It will cost money, bit if four of them get together and buy 40-seaters, when they move out of Kingstown, they will be taking 160 persons. When four 18-seater move out it is only 72 passengers.

“You still have more than half of what you have moved out waiting for you at Mahogany Square,” he said in reference to the area along Murrays Road, where hundreds of persons wait for buses on evenings.

Francis further reminded the meeting of the proposals that were made during discussions between NOBA and the government 10 years ago.

These include: No amplified music; no tint; five years driving experience; number of seats in the bus; special driving licence for minibuses and taxis; sale to second party automatically cancels the licence; no alteration to seating as per initial inspection; drivers must be trained; and pass simple exam; internal lights at night; code of dress; conductors’ licence; regulated fares; emissions test; routing; provisions for the physically challenged; use of bus stop and terminal; signage for traffic; relevant information for travelling public; regular bulletins; littering; insurance coverage; refuelling; codes of conduct for drivers and passengers; bell switches; heavy equipment, tractors and trailer trucks; timing schedule; external lighting; Sundays and public holidays; a traffic hotline; registration of NOBA.

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One thought on “Minister urges minibus operators to strengthen association

  1. pvpalmer says:

    Some years ago Bacchus told me he prefers an orderly way for van to operate, instead of the road rage method to pick up passengers. I totally agree with him after visiting ST. Lucia where I saw vans from specific location lineup to load passengers. Once the van is full it takes off and the second in line takes its place. I also saw the same method used in T&T and wondered why SVG did not implement this safe and hassle free way of transporting people. I am sure this will reduce the vehicular accidents that plague the island.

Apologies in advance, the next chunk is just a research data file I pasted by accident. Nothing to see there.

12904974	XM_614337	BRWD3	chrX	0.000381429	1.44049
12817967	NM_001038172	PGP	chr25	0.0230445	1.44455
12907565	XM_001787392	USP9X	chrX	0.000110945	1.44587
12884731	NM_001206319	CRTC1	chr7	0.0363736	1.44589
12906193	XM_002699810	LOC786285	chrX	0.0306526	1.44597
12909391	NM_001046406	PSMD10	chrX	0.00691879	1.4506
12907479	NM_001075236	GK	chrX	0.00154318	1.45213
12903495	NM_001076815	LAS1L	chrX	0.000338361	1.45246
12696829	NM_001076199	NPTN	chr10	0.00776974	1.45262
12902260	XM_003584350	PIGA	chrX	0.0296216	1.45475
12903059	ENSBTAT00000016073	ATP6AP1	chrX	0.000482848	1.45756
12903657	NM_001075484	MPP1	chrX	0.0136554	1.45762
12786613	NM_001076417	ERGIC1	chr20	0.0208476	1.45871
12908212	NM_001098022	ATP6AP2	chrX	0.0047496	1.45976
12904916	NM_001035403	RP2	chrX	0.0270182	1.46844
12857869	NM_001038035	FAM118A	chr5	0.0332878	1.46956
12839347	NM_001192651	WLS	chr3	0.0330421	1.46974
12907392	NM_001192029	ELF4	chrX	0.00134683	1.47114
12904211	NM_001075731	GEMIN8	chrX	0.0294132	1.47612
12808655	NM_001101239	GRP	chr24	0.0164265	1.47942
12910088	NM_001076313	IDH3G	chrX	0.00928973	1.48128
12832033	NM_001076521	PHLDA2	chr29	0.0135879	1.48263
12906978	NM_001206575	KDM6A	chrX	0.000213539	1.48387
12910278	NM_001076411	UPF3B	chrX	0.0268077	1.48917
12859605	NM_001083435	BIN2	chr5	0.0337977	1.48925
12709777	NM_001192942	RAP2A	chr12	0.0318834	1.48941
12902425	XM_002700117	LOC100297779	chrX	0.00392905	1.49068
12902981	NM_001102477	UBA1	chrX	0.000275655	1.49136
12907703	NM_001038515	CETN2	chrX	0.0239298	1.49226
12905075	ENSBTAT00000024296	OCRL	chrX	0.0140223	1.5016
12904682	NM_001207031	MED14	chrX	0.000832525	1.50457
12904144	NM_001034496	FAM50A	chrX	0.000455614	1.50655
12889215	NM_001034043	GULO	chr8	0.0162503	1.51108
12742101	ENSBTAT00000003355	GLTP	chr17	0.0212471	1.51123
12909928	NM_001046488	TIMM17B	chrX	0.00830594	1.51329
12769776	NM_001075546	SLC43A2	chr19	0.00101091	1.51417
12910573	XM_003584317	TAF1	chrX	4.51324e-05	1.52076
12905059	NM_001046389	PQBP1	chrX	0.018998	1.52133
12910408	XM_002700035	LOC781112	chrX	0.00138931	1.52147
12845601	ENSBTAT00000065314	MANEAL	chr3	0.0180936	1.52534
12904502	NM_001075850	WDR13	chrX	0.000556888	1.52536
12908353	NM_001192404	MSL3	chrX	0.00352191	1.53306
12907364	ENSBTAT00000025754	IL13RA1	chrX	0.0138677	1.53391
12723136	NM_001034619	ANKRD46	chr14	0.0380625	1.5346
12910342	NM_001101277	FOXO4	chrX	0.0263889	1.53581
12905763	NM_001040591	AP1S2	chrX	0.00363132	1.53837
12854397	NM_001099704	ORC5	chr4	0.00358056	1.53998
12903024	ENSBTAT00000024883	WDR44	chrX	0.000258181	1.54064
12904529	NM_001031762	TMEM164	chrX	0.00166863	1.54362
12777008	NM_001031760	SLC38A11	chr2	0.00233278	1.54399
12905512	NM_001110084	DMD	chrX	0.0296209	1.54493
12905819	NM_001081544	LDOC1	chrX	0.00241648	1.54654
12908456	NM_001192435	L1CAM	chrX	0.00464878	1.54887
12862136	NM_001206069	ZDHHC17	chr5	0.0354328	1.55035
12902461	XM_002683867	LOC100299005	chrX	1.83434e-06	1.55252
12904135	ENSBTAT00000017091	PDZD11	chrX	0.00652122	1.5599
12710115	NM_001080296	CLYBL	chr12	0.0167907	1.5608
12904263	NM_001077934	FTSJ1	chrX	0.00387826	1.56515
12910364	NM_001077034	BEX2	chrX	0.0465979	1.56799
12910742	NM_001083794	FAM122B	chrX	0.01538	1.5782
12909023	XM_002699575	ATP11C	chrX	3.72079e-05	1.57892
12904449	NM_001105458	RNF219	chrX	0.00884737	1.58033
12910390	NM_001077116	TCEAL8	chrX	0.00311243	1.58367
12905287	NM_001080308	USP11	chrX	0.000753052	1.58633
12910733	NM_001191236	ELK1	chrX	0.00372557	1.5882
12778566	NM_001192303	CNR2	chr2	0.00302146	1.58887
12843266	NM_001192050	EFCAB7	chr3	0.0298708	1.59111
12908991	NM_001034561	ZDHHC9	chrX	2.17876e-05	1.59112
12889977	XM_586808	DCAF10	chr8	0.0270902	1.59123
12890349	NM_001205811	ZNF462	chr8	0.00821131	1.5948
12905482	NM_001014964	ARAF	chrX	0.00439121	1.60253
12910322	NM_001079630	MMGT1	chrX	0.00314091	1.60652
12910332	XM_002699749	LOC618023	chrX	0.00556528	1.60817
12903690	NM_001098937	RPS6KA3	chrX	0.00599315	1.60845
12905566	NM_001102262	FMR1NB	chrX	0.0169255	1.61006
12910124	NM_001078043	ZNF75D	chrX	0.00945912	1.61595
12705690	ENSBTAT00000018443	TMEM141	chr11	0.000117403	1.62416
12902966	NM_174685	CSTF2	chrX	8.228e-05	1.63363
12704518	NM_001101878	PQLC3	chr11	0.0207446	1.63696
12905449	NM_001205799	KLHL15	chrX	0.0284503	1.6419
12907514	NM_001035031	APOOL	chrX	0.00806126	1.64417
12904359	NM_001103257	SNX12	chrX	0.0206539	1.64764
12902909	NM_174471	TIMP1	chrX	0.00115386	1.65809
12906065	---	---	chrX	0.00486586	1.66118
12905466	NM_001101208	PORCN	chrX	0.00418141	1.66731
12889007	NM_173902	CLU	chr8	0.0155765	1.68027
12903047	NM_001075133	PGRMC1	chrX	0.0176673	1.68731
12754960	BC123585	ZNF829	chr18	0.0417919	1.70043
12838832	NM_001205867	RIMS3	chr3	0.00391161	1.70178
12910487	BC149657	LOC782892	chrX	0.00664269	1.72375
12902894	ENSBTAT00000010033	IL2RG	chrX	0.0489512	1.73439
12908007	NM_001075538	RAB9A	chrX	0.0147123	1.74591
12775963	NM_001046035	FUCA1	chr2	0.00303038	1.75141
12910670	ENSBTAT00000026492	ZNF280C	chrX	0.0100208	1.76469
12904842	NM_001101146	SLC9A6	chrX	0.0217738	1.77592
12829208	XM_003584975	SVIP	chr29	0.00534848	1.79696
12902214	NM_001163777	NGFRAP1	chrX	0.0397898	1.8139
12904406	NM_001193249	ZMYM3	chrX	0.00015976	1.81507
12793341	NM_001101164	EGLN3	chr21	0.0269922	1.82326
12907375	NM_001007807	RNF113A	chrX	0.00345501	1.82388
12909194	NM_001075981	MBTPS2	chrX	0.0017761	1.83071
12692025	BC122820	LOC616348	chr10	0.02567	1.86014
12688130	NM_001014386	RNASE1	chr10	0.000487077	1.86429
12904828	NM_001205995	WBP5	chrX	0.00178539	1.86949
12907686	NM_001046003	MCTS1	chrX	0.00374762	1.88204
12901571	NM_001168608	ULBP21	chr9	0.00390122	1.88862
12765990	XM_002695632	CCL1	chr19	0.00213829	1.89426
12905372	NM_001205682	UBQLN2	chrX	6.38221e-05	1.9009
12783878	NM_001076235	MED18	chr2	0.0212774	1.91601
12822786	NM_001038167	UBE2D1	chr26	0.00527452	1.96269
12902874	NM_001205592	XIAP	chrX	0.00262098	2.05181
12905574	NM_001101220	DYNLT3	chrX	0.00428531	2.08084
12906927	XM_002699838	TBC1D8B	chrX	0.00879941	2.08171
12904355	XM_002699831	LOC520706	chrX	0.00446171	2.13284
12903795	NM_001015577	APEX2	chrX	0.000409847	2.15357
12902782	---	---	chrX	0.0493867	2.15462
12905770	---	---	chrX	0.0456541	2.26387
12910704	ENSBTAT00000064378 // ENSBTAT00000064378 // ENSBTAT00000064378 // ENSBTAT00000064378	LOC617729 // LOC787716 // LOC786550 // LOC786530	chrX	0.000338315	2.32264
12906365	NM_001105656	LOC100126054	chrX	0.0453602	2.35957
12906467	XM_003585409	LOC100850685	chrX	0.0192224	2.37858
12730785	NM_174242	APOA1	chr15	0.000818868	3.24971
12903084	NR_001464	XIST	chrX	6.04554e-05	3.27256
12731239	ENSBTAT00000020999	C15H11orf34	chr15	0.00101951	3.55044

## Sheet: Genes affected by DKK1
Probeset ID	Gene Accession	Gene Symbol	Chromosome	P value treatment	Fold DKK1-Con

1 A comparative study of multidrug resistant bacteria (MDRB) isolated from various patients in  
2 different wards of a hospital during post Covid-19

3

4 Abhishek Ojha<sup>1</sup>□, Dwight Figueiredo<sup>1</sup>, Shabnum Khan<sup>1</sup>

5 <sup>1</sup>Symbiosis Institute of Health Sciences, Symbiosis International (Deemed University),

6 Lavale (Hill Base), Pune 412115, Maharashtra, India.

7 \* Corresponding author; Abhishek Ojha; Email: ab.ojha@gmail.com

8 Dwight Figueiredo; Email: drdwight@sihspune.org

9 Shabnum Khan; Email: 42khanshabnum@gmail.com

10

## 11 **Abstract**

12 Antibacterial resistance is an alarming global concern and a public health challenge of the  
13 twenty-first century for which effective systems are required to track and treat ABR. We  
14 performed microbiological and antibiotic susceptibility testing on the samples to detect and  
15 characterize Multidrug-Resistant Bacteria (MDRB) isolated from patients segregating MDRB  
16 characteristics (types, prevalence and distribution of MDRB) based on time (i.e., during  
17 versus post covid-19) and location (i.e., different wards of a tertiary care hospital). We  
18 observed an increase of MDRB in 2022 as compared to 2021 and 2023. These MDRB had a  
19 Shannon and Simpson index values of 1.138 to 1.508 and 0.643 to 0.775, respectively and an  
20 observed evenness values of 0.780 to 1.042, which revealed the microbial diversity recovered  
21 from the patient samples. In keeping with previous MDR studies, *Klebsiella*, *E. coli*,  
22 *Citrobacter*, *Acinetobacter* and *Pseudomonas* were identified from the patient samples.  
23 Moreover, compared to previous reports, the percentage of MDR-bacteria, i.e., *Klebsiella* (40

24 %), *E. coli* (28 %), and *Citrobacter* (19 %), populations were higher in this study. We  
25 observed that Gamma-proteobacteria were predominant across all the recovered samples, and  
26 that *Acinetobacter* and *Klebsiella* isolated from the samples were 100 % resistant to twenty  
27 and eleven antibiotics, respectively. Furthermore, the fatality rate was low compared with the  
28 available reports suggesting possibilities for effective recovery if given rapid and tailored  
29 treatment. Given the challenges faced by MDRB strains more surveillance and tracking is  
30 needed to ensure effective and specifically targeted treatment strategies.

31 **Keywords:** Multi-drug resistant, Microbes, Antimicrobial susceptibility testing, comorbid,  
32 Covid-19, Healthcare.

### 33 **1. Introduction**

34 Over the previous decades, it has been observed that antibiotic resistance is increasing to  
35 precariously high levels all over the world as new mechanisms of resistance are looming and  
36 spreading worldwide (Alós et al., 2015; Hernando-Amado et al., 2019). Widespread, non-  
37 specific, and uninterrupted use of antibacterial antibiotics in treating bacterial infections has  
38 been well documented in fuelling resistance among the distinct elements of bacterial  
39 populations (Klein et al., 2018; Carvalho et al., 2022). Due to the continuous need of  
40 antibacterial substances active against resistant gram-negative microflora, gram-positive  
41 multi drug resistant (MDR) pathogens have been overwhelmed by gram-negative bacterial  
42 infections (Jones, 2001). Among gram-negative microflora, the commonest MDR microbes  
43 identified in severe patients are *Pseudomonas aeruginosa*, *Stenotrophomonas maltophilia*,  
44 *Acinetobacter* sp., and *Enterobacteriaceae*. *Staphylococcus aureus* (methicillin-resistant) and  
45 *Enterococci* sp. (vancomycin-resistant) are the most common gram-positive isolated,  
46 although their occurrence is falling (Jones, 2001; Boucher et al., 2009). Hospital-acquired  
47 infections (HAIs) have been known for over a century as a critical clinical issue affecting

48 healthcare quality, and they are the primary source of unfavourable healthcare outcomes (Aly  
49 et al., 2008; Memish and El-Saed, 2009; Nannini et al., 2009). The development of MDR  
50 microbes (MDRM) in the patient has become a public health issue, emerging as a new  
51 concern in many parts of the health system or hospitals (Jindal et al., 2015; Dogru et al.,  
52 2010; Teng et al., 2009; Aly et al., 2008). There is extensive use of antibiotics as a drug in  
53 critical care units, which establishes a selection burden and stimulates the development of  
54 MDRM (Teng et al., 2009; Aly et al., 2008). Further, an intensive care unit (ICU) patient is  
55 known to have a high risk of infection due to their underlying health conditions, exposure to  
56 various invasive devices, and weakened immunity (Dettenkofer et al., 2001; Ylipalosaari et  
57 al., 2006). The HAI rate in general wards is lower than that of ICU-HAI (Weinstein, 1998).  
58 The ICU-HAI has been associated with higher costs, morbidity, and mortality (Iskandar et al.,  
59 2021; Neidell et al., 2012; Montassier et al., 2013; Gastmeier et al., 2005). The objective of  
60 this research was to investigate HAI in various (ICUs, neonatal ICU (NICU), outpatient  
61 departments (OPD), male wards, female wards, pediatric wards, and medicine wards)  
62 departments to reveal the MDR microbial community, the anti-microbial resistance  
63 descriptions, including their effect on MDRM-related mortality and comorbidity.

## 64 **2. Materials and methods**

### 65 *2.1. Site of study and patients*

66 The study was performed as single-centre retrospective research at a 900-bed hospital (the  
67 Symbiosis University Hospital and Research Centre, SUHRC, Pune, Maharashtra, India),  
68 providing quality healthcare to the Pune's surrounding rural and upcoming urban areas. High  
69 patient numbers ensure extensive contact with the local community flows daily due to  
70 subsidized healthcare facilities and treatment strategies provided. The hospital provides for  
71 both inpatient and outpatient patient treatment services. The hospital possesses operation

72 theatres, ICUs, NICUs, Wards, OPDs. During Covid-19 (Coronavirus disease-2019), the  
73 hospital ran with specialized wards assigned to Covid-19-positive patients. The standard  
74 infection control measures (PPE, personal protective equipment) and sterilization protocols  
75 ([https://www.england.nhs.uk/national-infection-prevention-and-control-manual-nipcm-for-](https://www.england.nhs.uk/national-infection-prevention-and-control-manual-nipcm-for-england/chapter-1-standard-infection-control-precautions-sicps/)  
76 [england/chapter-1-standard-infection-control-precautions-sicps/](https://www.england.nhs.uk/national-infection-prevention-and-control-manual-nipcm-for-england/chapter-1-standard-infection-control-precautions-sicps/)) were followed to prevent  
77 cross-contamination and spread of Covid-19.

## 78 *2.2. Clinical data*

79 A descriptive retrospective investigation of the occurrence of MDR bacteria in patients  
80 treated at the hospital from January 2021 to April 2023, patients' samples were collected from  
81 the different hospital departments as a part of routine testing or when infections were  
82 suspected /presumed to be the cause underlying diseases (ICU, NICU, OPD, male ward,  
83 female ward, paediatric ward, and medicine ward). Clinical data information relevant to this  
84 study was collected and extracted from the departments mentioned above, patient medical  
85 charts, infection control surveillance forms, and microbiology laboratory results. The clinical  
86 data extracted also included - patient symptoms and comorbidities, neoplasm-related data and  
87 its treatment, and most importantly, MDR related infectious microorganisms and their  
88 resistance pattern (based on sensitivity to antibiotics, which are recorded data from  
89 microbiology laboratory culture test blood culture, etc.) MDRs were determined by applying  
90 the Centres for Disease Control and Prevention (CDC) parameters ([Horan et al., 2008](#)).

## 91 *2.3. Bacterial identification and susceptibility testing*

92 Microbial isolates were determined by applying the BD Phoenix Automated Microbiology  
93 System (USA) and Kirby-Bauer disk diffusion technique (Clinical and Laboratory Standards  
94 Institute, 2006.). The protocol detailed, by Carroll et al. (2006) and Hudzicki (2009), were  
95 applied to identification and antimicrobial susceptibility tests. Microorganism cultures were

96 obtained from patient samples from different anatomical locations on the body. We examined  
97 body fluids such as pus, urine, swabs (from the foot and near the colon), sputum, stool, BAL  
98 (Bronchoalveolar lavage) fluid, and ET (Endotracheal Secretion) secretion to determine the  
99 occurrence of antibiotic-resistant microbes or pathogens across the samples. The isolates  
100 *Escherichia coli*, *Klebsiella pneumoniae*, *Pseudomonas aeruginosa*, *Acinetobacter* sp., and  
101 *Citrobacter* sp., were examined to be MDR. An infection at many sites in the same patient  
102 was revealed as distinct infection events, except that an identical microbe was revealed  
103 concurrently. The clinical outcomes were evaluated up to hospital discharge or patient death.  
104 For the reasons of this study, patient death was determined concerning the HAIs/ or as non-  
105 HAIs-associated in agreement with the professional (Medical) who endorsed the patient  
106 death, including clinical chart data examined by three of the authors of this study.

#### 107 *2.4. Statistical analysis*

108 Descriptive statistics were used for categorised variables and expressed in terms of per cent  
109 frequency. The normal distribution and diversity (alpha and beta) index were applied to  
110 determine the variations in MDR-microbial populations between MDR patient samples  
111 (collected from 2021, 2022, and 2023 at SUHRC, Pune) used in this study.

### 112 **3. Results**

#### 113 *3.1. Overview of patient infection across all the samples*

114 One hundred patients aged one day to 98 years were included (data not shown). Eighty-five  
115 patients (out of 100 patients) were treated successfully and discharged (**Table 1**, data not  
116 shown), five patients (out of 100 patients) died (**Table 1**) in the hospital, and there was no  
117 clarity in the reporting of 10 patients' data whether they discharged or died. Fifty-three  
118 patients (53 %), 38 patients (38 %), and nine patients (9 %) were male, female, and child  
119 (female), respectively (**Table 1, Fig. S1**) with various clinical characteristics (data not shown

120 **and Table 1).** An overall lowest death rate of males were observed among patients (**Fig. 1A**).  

The minister of transportation should take a serious look at changes and work with the organization to implement the method. It can and will reduce the confrontation police encounter when they catch van competing to get passengers on board. There is another problem that needs fixing: The last bus stop coming from the Leeward side is at the hospital. After that passengers are driven directly to the parking lot. I believe there is a need for another bus stop before the vans get to the parking lot.
    If and when the Leeward highway is being repaired, I hope bus stops will be improved, so traffic can flow smoothly. A small indentation on the highway can be used, so van can pull completely off the right-of-way to allow traffic to flow. I have observed many passengers, especially those with heavy loads; want to be dropped off very close to their homes. The indentations can be constructed where it’s easier for passengers to disembark close to their home, where possible. It might also be better to have more bus stops to help drivers from blocking and stopping in restricted areas.
    Getting out of Kingstown is a problem on the Leeward and Windward side, but more so on the Windward side. Cars and taxis can be allowed one way from 3:30 p.m. To 5:30 p.m. via Town Hill and Cane Garden. While vans and other large vehicles use the regular route plus one way up McKies Hill using the same 3:30 To 5:50 time period. Let’s face it, there are more vehicles leaving Kingstown during that period, that coming into town.
    On the Leeward side there can be a three lanes constructed, so that the middle lane is an express lane one way during the morning rush hours (7:30 a.m. To 9:30 a.m.) and one way during the afternoon rush hours 3:30 p.m. To 5:30 p.m.). The center lane can be used at other times to pass other vehicle on the right. White lines should be used to indicate no cross over around corners or around hidden areas when using the center lane.
    If I’ve missed anything I hope someone can help to build a better mouse-trap, instead of throwing the ideas under the bus or van – no pun intended.